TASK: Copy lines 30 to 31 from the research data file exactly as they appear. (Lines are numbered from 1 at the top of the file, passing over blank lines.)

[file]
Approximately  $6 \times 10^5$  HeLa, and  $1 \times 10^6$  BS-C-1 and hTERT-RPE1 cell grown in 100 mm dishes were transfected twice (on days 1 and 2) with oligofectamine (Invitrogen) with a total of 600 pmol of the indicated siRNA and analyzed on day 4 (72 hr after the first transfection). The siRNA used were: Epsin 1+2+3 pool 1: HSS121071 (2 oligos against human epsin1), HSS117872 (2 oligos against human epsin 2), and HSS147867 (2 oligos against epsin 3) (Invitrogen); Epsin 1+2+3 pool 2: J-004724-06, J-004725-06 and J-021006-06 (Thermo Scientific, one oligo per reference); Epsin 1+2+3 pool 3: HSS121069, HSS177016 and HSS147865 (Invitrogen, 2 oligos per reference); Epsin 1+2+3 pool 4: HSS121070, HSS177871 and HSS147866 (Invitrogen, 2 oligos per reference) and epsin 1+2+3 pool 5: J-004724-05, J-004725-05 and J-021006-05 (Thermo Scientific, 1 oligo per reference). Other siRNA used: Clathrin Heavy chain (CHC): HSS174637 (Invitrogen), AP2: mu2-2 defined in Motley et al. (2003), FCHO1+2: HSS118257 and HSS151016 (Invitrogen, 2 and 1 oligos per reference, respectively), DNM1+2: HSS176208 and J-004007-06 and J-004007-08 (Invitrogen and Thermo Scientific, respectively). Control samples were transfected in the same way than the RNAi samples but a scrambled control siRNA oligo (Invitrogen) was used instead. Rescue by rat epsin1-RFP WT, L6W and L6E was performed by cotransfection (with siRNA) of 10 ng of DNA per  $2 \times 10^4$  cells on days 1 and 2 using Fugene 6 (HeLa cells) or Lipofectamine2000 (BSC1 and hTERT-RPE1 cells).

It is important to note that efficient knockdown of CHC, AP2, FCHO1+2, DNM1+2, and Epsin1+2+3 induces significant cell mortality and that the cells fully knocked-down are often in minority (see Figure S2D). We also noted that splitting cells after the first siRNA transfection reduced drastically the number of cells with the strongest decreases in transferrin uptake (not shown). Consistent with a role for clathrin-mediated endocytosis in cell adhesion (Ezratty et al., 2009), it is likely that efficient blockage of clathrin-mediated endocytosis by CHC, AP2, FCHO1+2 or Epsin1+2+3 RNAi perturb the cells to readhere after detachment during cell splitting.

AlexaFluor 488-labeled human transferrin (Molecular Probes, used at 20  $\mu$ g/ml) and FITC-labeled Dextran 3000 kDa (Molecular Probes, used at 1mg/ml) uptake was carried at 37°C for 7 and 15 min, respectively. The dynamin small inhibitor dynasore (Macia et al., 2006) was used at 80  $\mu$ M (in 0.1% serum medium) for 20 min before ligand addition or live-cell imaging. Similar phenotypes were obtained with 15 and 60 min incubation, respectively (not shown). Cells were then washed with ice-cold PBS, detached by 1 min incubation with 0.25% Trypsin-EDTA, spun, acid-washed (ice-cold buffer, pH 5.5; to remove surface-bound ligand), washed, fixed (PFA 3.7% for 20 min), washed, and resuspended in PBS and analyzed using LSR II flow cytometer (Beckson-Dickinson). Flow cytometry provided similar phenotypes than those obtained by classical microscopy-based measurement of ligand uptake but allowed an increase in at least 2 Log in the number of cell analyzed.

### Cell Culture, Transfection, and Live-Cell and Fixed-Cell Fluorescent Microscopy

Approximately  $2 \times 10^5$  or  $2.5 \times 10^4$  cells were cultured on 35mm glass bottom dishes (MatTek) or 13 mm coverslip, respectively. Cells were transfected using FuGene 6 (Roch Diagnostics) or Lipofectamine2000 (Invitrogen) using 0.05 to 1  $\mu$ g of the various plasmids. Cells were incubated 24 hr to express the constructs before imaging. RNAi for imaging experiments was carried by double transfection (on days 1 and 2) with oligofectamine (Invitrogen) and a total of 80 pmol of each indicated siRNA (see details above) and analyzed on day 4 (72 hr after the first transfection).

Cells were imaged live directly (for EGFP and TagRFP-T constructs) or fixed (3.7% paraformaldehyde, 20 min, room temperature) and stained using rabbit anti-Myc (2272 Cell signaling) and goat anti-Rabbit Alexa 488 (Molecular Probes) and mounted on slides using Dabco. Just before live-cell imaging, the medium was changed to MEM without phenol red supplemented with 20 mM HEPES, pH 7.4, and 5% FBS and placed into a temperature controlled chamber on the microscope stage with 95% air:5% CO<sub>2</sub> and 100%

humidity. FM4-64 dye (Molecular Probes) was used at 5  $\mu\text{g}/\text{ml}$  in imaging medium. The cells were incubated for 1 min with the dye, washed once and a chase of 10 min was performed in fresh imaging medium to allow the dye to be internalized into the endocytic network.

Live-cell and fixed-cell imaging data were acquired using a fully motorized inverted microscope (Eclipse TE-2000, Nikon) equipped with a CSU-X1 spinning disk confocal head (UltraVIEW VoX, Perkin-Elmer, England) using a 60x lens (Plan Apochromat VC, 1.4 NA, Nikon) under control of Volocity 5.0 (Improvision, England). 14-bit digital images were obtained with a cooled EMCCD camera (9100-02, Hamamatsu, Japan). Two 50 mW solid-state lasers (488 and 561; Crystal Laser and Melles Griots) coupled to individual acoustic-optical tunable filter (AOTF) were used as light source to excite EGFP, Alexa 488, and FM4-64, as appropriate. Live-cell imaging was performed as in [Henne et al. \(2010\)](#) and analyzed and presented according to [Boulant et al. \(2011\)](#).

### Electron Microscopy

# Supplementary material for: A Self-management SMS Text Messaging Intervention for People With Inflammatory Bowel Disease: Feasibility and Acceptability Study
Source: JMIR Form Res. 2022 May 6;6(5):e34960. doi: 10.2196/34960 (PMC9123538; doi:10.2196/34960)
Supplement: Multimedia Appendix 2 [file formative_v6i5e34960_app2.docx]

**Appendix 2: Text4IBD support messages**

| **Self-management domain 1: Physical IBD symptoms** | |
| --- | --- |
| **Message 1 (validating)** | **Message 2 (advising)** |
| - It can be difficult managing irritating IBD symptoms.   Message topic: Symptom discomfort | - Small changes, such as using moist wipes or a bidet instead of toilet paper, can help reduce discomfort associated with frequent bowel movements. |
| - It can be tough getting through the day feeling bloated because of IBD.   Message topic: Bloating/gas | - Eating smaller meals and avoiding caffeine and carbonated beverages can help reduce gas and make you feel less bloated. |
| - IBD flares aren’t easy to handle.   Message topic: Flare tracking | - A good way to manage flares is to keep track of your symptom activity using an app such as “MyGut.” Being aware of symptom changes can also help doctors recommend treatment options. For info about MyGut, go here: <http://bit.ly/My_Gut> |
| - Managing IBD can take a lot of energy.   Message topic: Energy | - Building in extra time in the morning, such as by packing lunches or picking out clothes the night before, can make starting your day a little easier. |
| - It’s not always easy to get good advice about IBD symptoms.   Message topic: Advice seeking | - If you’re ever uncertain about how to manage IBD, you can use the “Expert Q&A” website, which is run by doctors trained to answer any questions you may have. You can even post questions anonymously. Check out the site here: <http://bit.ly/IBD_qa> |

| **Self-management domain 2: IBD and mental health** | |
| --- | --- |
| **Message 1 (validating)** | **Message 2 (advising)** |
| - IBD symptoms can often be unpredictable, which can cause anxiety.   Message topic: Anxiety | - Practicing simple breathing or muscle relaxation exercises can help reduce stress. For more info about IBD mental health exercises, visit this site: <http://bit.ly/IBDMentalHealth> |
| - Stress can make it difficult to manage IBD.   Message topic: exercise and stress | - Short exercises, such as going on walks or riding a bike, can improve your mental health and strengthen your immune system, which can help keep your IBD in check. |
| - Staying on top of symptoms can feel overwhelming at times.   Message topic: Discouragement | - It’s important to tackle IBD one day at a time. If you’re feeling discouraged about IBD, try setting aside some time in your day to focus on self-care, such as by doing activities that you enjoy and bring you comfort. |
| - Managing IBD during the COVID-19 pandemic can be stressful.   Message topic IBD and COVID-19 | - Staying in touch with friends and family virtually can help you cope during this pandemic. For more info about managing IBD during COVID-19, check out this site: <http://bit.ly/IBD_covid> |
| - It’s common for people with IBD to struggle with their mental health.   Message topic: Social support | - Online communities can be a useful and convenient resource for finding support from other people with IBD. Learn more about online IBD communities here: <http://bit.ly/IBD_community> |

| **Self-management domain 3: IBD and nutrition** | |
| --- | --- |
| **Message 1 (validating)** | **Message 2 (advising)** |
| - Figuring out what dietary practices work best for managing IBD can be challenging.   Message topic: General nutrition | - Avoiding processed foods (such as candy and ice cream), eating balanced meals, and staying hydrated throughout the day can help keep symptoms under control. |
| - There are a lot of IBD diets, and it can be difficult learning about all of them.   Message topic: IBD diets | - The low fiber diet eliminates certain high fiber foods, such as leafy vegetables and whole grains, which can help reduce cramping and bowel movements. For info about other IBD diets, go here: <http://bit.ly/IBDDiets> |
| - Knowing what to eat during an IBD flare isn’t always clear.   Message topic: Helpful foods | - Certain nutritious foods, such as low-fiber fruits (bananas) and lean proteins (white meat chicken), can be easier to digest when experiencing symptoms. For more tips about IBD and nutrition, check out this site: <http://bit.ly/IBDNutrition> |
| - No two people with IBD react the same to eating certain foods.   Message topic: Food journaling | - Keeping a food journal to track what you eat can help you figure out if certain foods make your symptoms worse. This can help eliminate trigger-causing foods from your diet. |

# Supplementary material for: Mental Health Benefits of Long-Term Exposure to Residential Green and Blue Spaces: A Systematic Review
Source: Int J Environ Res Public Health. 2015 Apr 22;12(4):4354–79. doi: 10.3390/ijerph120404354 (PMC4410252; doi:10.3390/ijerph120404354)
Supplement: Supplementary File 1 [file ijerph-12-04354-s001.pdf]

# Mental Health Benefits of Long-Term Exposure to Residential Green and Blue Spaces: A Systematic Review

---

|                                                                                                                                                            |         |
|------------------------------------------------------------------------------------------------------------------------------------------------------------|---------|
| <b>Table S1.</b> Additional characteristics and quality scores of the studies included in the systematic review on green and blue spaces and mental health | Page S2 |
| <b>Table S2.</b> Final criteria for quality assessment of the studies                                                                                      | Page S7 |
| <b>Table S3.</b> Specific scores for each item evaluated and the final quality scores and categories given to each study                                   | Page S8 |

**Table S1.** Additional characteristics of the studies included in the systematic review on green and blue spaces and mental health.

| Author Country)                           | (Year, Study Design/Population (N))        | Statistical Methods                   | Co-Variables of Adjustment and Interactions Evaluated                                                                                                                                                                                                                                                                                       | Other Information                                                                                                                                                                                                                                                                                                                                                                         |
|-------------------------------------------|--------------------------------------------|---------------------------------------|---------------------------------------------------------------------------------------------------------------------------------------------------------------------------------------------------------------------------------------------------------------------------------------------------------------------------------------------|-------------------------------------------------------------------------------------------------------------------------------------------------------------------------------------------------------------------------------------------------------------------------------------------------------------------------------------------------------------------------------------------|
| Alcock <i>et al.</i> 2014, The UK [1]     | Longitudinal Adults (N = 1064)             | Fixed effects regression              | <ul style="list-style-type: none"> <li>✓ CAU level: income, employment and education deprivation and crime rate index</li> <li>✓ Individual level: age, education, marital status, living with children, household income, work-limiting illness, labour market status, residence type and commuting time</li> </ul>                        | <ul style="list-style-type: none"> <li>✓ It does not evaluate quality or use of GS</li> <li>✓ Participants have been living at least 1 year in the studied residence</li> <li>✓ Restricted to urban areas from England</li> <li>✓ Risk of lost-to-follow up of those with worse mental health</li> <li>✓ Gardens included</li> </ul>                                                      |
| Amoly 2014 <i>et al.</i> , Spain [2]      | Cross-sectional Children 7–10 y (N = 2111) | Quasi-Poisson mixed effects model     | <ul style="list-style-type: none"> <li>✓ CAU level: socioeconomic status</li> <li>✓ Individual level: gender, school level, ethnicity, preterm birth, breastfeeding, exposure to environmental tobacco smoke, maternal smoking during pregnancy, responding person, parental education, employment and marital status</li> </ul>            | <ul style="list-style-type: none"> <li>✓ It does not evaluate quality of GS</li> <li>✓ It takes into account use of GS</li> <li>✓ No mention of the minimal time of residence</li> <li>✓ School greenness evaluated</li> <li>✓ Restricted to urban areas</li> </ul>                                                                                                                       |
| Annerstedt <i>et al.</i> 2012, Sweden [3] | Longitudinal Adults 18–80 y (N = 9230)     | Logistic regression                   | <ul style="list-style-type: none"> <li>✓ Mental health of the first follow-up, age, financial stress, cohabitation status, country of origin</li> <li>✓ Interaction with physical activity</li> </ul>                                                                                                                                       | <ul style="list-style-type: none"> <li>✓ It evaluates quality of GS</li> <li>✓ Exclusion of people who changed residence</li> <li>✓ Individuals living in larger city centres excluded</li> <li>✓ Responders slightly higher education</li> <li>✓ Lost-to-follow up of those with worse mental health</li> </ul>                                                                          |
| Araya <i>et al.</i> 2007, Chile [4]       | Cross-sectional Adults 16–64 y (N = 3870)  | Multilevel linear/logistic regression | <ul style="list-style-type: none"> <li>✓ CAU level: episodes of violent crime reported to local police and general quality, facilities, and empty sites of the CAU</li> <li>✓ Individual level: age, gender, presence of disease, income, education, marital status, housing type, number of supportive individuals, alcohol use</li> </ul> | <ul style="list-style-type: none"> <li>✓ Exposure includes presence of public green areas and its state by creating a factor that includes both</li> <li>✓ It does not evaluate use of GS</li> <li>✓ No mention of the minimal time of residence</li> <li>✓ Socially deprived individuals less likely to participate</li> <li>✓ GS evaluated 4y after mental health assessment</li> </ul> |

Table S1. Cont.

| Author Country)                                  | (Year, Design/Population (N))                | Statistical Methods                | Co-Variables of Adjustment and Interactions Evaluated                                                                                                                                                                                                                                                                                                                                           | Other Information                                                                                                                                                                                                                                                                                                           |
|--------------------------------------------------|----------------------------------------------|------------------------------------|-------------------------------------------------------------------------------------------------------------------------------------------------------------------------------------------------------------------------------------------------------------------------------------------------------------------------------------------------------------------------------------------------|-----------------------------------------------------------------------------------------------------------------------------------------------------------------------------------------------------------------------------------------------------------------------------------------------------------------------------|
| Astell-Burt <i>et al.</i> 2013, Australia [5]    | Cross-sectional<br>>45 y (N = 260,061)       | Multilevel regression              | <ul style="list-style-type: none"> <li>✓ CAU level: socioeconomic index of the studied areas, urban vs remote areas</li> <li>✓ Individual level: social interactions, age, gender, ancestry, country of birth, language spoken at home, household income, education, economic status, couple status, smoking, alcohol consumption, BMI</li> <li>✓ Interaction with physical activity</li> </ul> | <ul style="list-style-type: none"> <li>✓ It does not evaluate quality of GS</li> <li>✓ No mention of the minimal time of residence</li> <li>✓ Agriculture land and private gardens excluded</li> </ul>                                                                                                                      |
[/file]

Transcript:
| **Self-management domain 3: IBD and nutrition** | |
| --- | --- |